More than 60 percent of students attending Texas A&M University-Kingsville (TAMUK) are Hispanic. Years ago however, before the civil rights movement, that figure would have been a number that could only be seen in dreams.
The struggle Hispanics went through to get to where they are now is specifically what John Valadez and Daniel McCabe aimed to capture in their PBS documentary, “Prejudice and Pride,” which Valadez screened for students at the Peacock Auditorium Oct. 8.
The documentary comprehensively shed light on prominent Hispanic activists who helped advance the rights and living conditions of the Latino population in America. The film is the first of its kind, Valadez said.
“There has never been a primetime national program that told the story of Latinos and their participation in the American story,” Valadez said. “I think it’s a landmark moment. It’s a shift in Latino participation in the media.”
While the documentary covered well-known figures like Cesar Chavez and Dolores Huerta, it also mentioned activists like Sal Castro, a high school teacher who organized walkouts in California for Hispanic students.
Valadez has been screening Prejudice and Pride at universities in the region since the beginning of the fall.
“Since September, I’ve been doing screenings at colleges and universities across the Southwest. I do that because I think it’s important,” Valadez said. “People who are going to college are going to be the opinion leaders in just a few years. I think it’s really critical to introduce them to films like this and plant the seeds of this kind of knowledge as they move forward.”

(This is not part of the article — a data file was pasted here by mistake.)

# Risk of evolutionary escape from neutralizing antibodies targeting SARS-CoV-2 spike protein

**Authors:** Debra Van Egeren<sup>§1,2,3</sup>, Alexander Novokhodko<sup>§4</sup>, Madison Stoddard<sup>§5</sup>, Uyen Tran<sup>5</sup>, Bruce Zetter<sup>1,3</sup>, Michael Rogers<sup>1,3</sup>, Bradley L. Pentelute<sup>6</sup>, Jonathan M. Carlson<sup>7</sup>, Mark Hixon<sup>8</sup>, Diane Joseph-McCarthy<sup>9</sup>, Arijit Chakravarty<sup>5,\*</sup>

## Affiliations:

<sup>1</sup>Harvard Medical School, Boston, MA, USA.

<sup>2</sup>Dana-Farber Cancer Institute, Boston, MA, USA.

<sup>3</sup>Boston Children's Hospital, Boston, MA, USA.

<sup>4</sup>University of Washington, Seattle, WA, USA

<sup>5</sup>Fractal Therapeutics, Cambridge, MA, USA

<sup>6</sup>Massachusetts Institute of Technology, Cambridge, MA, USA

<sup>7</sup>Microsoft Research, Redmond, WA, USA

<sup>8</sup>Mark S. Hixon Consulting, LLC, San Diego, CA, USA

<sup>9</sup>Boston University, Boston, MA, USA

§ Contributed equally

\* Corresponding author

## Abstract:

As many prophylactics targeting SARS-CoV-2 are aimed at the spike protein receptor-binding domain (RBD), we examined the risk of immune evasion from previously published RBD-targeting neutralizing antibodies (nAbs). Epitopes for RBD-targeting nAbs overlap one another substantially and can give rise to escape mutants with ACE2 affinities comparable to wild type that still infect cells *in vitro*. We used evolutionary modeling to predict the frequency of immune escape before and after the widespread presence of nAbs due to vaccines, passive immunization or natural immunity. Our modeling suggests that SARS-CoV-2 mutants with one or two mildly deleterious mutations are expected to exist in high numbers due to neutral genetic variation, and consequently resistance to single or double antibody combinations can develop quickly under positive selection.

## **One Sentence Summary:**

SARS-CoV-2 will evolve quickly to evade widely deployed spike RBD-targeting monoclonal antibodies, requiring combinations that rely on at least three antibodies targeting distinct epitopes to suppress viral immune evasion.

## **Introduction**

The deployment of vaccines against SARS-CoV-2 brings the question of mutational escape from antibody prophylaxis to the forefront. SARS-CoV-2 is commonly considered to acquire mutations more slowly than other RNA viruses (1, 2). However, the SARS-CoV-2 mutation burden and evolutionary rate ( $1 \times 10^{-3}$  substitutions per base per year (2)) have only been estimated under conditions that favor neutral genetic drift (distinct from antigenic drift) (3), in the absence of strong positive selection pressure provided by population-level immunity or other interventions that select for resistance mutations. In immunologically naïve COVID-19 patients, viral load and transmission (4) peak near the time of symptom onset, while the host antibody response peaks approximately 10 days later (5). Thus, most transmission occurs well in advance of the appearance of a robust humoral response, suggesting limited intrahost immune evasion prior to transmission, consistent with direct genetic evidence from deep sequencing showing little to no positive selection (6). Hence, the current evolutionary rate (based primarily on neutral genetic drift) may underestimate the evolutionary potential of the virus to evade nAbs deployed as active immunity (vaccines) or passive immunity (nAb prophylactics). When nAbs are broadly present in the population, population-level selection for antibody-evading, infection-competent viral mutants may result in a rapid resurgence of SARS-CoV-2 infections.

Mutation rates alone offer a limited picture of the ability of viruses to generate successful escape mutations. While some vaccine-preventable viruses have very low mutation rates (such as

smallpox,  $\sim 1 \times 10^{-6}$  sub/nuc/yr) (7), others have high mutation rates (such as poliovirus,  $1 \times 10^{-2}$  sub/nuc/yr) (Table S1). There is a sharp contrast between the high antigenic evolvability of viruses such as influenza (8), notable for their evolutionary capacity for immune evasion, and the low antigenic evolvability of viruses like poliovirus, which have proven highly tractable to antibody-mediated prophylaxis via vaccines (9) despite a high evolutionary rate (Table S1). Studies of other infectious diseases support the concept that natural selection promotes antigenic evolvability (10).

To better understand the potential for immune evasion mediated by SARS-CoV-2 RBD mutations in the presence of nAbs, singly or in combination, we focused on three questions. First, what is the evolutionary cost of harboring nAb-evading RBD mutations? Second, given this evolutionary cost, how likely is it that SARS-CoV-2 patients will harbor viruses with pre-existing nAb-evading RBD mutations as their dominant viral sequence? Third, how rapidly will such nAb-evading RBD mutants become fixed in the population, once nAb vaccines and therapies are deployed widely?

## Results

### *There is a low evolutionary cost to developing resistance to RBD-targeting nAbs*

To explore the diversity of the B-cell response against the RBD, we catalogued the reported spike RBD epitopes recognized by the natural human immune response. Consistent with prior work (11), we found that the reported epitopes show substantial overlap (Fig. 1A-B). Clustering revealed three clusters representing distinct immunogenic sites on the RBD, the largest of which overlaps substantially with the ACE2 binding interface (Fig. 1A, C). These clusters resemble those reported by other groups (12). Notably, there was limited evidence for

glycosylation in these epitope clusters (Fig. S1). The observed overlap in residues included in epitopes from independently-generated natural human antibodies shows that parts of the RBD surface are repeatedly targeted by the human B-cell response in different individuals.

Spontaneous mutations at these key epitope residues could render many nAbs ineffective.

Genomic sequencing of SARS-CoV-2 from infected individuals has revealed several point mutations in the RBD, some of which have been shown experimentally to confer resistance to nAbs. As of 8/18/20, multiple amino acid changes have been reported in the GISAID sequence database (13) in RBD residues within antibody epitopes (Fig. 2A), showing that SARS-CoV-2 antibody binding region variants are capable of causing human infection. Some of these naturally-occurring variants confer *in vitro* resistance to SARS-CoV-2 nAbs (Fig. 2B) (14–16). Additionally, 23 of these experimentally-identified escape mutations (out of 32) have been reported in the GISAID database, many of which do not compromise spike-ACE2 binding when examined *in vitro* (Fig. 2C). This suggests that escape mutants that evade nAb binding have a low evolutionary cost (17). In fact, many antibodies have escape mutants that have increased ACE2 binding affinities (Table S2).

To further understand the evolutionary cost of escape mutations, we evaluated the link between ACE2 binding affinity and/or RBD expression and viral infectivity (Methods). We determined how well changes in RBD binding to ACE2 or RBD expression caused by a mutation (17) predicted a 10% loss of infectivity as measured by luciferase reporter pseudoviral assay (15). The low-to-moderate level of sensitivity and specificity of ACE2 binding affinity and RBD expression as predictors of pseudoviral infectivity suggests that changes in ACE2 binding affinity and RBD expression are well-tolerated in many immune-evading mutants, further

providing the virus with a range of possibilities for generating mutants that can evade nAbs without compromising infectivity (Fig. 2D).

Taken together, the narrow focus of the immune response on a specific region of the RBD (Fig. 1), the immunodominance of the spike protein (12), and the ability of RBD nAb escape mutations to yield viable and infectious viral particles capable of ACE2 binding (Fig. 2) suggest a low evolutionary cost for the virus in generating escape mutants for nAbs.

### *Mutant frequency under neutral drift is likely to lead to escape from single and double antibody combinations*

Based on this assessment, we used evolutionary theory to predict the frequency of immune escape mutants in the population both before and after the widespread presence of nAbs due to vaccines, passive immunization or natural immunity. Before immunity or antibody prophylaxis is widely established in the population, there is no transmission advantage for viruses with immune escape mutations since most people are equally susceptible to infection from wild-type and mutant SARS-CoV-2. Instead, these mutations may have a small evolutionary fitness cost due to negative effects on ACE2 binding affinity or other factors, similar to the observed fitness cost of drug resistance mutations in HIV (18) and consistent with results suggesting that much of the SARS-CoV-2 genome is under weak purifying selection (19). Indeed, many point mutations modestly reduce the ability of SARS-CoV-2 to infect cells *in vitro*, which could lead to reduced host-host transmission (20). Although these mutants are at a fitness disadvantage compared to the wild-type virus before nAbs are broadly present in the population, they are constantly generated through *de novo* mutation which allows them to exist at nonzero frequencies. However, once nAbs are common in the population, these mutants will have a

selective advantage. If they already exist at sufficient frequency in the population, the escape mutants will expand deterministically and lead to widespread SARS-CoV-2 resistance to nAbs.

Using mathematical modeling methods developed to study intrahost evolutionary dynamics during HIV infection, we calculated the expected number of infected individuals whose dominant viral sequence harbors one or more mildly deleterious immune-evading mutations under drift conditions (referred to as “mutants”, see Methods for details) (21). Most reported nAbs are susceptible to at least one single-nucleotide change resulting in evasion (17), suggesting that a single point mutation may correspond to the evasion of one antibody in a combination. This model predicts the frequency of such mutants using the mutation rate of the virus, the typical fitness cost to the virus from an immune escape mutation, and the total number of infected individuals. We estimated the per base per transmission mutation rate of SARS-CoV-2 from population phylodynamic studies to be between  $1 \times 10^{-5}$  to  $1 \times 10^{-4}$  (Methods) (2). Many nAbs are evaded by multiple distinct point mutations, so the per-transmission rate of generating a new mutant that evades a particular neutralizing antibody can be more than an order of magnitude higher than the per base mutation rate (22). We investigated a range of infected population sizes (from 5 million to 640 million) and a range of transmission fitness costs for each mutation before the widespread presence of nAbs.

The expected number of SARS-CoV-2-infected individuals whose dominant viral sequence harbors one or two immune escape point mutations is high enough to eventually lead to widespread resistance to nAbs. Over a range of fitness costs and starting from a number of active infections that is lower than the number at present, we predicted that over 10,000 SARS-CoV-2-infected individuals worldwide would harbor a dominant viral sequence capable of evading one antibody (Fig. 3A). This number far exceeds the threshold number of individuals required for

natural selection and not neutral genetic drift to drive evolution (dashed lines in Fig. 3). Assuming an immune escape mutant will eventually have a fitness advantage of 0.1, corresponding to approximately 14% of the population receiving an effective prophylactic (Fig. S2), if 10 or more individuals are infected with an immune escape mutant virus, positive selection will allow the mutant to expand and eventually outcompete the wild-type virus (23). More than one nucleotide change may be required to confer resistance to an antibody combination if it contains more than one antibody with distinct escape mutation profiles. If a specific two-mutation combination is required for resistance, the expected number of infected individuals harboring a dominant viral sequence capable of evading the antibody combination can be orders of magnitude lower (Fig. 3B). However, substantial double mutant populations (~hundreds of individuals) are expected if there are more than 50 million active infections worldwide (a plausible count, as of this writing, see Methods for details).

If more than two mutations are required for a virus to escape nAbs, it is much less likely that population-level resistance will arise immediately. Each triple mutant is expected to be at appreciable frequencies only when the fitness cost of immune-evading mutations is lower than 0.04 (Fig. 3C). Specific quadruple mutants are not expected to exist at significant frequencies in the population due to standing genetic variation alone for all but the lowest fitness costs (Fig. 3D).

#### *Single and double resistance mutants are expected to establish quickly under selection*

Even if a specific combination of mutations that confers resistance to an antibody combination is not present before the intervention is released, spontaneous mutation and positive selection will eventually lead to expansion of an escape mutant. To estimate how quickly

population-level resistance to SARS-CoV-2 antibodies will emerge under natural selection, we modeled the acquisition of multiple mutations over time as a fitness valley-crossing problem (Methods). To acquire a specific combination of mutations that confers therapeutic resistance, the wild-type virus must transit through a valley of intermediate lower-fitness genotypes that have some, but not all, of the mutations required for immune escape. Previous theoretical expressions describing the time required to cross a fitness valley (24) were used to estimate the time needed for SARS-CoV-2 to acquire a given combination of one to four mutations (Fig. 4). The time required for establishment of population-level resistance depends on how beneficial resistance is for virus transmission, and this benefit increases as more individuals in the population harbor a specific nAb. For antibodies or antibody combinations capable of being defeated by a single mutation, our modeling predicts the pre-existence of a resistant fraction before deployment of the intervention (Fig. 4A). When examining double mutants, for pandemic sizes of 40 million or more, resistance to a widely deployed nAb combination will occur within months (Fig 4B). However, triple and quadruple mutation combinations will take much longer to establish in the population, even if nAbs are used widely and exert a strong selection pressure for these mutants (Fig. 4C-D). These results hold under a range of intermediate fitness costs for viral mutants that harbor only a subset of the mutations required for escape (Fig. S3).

Prejudice and Pride is one of six films under PBS’ “Latino Americans” series.
“It’s not just about Chicanos, it’s about all Latinos,” Valadez said. “Cuban-Americans, Dominican-Americans, Puerto Ricans, etc.”
Valadez said he does not view the series as a divulging account of minorities, but rather a chapter in America’s history.
“I believe that Latino history is American history. It belongs to all of us,” he said. “It’s our common legacy and our common heritage.”
Valadez said it took him approximately a year and a half to compile all of the information for two hours of content for PBS.
If there’s one lesson students should take away from the documentary, Valadez said it’s that they have the power to impact the course of American history.
“This country is whatever we make it. Events that shape our world don’t just happen. Things happen because people make them happen. We make decisions based on our values,” he said. “We either choose to participate and choose to be engaged in the civic discourse of the country, or choose to let others define the future and our world for us.”